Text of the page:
425 F.3d 1123
UNITED STATES of America, Plaintiff-Appellee,
Jesus JIMENEZ-GUTIERREZ, Defendant-Appellant.
United States Court of Appeals, Eighth Circuit.
Submitted: January 11, 2005.
Filed: October 13, 2005.
Anita L. Burns, Asst. Fed. Public Defender, Kansas City, MO (Raymond C. Conrad, Jr., Public Defender), for appellant.
Philip M. Koppe, Asst. U.S. Atty., Kansas City, MO (Bruce Rhoades, Spec. Asst. U.S. Atty., Todd P. Graves, U.S. Atty., on the brief), for appellee.
Before MELLOY, SMITH, and COLLOTON, Circuit Judges.
MELLOY, Circuit Judge.
Jesus Jimenez-Gutierrez pled guilty to conspiring to distribute fifty grams or more of a mixture or substance containing methamphetamine. At sentencing, he received a two-level enhancement due to his role in the offense as a manager or supervisor. The resultant Guidelines range was 188 to 235 months. The district court sentenced him at the bottom of this range, 188 months.
On appeal, Mr. Jimenez-Gutierrez alleges error in the district court's application of the two-level enhancement. He also alleges error under Blakely v. Washington, 542 U.S. 296, 124 S.Ct. 2531, 159 L.Ed.2d 403 (2004) and United States v. Booker, ___ U.S. ___, 125 S.Ct. 738, 160 L.Ed.2d 621 (2005). "We review the district court's decision to assess a sentencing enhancement based upon a defendant's role in the offense for clear error." United States v. Johnson, 278 F.3d 749, 752 (8th Cir.2002). Regarding the Blakely/Booker issue, because Mr. Jimenez-Gutierrez raised this issue for the first time on appeal, we review only for plain error. United States v. Pirani, 406 F.3d 543 (8th Cir.2005).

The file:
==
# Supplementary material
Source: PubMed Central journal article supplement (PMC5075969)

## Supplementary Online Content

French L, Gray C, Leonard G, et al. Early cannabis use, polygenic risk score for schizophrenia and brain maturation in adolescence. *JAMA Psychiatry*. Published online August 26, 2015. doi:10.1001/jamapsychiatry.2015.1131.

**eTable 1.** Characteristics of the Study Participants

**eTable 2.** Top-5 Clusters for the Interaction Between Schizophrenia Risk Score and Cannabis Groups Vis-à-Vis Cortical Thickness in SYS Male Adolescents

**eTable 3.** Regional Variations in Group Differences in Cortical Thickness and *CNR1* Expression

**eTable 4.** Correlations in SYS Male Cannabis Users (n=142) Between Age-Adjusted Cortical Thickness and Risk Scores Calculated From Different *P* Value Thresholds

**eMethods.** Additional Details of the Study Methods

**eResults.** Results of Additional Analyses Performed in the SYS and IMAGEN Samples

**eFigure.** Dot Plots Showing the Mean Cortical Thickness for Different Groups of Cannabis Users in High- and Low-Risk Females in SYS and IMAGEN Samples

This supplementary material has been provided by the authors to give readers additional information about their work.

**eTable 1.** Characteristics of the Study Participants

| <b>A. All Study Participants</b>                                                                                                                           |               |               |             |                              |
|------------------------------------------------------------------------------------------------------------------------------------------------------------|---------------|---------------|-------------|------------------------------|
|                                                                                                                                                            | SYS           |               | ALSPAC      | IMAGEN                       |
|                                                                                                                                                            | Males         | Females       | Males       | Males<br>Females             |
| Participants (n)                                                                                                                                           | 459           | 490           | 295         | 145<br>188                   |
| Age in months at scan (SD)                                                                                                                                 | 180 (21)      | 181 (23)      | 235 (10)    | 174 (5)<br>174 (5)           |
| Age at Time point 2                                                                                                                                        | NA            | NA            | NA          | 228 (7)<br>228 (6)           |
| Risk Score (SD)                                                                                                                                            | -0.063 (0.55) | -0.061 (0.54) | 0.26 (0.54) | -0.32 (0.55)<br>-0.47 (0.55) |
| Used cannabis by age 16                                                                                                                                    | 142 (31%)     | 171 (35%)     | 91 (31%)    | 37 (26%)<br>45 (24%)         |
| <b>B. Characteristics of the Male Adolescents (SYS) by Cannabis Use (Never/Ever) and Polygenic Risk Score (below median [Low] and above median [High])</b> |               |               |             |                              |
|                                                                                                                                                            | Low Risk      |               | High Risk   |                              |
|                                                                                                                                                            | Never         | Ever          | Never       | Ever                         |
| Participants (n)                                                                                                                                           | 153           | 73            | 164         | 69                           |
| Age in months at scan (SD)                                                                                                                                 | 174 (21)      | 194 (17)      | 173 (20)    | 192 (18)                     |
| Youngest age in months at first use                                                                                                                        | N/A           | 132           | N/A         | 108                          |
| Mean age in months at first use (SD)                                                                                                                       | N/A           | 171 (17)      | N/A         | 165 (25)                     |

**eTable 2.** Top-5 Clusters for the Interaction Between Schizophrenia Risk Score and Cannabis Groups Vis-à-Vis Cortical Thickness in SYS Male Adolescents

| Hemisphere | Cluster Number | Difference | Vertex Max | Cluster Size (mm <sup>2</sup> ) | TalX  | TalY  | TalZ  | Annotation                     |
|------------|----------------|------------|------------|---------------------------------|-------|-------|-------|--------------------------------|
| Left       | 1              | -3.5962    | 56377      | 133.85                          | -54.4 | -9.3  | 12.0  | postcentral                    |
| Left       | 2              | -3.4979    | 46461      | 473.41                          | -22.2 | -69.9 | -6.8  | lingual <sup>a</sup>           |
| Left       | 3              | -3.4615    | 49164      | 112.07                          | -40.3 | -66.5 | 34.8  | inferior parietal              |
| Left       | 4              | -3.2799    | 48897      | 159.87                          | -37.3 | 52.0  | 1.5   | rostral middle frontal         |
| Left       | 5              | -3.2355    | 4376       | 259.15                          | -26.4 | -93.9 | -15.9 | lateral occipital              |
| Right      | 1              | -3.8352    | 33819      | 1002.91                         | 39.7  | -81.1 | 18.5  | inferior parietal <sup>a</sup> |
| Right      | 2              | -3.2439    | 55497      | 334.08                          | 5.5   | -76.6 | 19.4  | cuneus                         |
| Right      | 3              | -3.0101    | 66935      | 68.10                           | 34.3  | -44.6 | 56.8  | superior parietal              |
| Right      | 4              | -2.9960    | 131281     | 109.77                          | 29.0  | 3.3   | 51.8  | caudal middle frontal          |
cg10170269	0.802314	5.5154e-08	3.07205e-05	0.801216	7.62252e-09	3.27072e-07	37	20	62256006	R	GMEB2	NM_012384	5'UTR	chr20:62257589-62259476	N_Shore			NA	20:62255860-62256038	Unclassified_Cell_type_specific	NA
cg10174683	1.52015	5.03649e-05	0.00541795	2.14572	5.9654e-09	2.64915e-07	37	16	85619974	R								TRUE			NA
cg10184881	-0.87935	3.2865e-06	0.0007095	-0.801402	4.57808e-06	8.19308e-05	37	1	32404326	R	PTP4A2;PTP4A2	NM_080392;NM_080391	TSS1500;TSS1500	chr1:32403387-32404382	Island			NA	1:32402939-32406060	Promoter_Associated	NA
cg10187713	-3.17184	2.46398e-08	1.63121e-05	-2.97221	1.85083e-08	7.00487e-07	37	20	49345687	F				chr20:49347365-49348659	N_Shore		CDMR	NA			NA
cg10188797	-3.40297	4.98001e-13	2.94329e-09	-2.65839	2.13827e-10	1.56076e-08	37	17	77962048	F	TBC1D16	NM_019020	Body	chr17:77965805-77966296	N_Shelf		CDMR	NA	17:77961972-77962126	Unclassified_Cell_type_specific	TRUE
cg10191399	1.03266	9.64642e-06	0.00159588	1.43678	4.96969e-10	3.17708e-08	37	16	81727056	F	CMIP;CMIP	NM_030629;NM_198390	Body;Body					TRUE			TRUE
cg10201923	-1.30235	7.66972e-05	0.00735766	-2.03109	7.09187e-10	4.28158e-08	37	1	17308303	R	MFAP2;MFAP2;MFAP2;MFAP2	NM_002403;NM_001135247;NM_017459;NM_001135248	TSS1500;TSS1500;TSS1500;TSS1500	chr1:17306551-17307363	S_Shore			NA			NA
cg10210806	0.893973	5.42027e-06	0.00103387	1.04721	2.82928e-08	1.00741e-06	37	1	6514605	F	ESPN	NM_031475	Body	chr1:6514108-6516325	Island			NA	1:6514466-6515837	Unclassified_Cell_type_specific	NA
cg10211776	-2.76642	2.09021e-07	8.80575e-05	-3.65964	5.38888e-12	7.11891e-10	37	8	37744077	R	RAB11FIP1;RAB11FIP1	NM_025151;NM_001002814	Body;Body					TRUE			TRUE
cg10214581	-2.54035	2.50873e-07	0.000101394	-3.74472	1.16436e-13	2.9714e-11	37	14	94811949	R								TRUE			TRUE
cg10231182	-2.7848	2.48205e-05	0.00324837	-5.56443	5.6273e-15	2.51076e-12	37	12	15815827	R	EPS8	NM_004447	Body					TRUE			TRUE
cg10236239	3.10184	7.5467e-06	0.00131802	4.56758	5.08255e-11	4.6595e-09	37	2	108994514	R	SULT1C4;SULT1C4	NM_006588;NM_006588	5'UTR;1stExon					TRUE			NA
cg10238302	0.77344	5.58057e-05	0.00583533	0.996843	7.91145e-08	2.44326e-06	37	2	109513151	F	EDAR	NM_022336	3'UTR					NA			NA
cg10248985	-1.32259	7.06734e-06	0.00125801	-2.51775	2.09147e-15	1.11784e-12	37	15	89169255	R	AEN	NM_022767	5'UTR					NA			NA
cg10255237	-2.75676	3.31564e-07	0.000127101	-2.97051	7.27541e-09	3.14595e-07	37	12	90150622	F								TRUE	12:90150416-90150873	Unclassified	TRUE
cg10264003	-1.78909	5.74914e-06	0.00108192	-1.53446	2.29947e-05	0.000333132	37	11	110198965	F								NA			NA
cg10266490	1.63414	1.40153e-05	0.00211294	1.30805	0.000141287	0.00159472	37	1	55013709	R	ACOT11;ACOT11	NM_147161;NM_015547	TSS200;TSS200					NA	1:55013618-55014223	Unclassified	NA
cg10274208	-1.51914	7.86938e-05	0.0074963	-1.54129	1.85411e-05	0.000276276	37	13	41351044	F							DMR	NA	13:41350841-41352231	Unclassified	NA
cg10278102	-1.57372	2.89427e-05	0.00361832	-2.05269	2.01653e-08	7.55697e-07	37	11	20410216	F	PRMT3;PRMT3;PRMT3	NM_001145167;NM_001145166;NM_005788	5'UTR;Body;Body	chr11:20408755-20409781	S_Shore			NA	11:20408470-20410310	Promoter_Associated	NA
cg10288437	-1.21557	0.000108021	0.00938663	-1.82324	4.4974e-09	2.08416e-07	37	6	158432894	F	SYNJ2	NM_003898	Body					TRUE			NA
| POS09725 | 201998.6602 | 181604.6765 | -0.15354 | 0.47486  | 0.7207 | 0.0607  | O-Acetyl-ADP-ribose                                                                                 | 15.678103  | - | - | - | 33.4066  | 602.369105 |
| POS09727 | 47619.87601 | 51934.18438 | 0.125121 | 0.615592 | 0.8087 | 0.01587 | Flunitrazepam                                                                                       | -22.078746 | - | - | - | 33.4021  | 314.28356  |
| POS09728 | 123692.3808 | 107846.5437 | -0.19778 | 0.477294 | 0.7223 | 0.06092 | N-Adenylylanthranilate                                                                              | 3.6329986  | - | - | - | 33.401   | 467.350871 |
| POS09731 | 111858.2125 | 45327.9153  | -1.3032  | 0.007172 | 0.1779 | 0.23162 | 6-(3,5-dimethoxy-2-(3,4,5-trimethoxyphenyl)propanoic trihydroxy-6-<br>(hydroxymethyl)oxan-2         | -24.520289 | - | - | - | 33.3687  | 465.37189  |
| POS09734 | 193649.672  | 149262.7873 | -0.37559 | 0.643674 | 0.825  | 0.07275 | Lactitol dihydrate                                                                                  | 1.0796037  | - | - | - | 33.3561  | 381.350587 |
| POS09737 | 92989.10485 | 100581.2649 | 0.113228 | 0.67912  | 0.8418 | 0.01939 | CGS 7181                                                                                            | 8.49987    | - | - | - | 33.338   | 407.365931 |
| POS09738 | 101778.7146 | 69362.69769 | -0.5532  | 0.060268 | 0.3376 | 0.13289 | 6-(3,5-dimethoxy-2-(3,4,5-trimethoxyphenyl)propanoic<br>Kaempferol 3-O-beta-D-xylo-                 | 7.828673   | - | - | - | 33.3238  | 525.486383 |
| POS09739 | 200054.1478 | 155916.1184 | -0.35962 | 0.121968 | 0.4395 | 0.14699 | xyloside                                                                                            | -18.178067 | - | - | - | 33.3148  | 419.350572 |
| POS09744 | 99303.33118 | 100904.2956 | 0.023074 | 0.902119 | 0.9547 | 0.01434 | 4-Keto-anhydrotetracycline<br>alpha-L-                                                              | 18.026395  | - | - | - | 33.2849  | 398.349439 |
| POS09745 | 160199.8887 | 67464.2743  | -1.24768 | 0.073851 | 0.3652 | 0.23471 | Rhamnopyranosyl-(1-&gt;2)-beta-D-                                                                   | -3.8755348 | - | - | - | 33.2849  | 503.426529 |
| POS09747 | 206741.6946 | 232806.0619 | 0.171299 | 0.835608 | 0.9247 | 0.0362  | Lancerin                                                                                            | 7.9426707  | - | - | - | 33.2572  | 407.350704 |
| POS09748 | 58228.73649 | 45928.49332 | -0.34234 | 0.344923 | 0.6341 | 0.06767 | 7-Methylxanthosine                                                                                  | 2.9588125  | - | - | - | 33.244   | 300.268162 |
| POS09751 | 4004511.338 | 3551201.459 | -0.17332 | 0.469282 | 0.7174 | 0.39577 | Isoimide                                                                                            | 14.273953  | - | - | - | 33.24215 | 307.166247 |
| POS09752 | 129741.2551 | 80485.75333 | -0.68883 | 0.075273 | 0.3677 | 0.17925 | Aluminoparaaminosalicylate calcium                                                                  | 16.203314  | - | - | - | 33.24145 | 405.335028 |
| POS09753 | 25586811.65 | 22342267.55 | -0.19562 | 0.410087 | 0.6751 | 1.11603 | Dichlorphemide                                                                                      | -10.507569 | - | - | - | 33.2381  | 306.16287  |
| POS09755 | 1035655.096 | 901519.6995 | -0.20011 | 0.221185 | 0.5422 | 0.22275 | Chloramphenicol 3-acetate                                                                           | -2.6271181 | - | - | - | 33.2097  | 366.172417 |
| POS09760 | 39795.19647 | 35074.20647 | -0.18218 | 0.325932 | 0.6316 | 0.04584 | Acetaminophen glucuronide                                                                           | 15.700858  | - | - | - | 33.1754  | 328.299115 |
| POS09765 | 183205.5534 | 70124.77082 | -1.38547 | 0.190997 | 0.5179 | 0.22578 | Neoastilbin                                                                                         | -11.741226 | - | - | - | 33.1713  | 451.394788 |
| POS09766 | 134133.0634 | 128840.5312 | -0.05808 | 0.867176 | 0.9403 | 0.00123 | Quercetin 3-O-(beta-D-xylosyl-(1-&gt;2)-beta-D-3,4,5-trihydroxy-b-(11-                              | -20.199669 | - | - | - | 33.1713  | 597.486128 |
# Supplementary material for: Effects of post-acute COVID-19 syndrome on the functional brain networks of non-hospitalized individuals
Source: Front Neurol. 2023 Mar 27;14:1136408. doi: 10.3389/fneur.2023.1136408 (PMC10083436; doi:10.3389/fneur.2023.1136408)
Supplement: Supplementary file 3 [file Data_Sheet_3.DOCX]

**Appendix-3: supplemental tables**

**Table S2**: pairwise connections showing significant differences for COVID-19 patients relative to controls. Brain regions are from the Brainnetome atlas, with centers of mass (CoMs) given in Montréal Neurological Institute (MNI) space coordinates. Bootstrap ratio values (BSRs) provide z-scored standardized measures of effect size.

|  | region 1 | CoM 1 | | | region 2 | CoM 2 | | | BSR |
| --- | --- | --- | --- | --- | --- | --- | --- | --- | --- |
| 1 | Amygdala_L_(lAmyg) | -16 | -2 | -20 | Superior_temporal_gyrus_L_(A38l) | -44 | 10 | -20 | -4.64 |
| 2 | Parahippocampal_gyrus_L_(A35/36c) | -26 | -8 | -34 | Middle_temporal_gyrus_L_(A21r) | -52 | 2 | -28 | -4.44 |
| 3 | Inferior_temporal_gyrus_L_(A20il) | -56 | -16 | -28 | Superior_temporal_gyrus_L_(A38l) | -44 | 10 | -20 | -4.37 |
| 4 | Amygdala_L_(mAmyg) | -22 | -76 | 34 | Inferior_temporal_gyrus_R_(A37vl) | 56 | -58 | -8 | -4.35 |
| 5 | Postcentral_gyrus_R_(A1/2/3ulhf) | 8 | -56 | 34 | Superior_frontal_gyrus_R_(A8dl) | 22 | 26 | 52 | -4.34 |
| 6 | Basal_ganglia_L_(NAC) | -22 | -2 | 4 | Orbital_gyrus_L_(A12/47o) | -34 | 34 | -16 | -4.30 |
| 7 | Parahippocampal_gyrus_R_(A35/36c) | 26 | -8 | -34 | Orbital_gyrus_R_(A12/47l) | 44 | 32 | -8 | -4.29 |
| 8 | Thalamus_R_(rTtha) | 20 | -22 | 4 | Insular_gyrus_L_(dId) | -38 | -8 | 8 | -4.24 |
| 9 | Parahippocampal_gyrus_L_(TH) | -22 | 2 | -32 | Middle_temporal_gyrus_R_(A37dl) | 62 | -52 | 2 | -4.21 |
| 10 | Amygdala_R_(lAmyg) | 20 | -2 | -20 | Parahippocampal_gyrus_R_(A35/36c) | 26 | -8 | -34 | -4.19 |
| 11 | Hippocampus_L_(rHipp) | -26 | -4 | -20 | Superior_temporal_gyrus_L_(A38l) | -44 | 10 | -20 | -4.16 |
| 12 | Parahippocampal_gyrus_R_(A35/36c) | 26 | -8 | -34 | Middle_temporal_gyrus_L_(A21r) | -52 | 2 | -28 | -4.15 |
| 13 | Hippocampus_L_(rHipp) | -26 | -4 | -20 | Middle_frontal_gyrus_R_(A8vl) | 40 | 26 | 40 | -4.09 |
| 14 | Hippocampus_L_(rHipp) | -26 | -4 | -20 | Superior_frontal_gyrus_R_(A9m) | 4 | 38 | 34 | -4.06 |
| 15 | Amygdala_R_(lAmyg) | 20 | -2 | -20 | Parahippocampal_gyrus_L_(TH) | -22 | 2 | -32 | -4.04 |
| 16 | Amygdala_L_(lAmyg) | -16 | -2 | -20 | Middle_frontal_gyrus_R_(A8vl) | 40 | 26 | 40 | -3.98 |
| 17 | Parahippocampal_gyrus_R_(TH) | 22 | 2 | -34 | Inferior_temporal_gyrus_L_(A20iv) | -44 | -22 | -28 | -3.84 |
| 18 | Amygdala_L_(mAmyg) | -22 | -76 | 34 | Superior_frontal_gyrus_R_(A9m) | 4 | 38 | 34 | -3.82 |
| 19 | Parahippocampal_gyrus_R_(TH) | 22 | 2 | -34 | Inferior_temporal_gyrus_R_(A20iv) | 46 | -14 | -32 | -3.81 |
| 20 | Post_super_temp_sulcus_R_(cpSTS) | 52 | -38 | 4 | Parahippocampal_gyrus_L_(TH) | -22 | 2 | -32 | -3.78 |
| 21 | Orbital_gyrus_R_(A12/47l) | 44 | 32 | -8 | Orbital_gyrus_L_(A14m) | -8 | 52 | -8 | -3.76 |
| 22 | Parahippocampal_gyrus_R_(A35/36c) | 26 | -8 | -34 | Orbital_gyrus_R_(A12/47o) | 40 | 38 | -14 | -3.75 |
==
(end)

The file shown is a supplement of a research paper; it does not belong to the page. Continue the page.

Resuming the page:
For a two-level managerial role enhancement to apply, it is only necessary that the defendant supervise or manage one other participant. See U.S.S.G. § 3B1.1 cmt. 2 ("To qualify for a [U.S.S.G. § 3B1.1(c)] adjustment ... the defendant must have been the ... manager or supervisor of one or more other participants.") The record in this case demonstrates, at a minimum, that Mr. Jimenez-Gutierrez was a supervisor/contact person at the destination point for a drug courier on an Arizona-to-Minnesota drug shipment. When officers stopped the courier for speeding in Missouri and discovered drugs, the courier agreed to cooperate. Her statements implicated Mr. Jimenez as a supervisor. Also, Mr. Jimenez-Gutierrez's own actions showed that he played a supervisory role. The courier cooperated by calling Mr. Jimenez-Gutierrez to ask for instructions and help. She told Mr. Jimenez-Gutierrez that her van had broken down. Mr. Jimenez-Gutierrez then traveled from Minnesota to Missouri, receiving numerous calls from the courier during his trip. When he arrived at the courier's van in Missouri, officers arrested him. At the time of his arrest, he had a plane ticket and travel itinerary for the courier as well as the cell phone she had called. In addition, he had wired the courier $300 prior to her trip, as demonstrated by a receipt found in the courier's van. This evidence is sufficient to support the district court's finding that Mr. Jimenez-Gutierrez supervised the courier.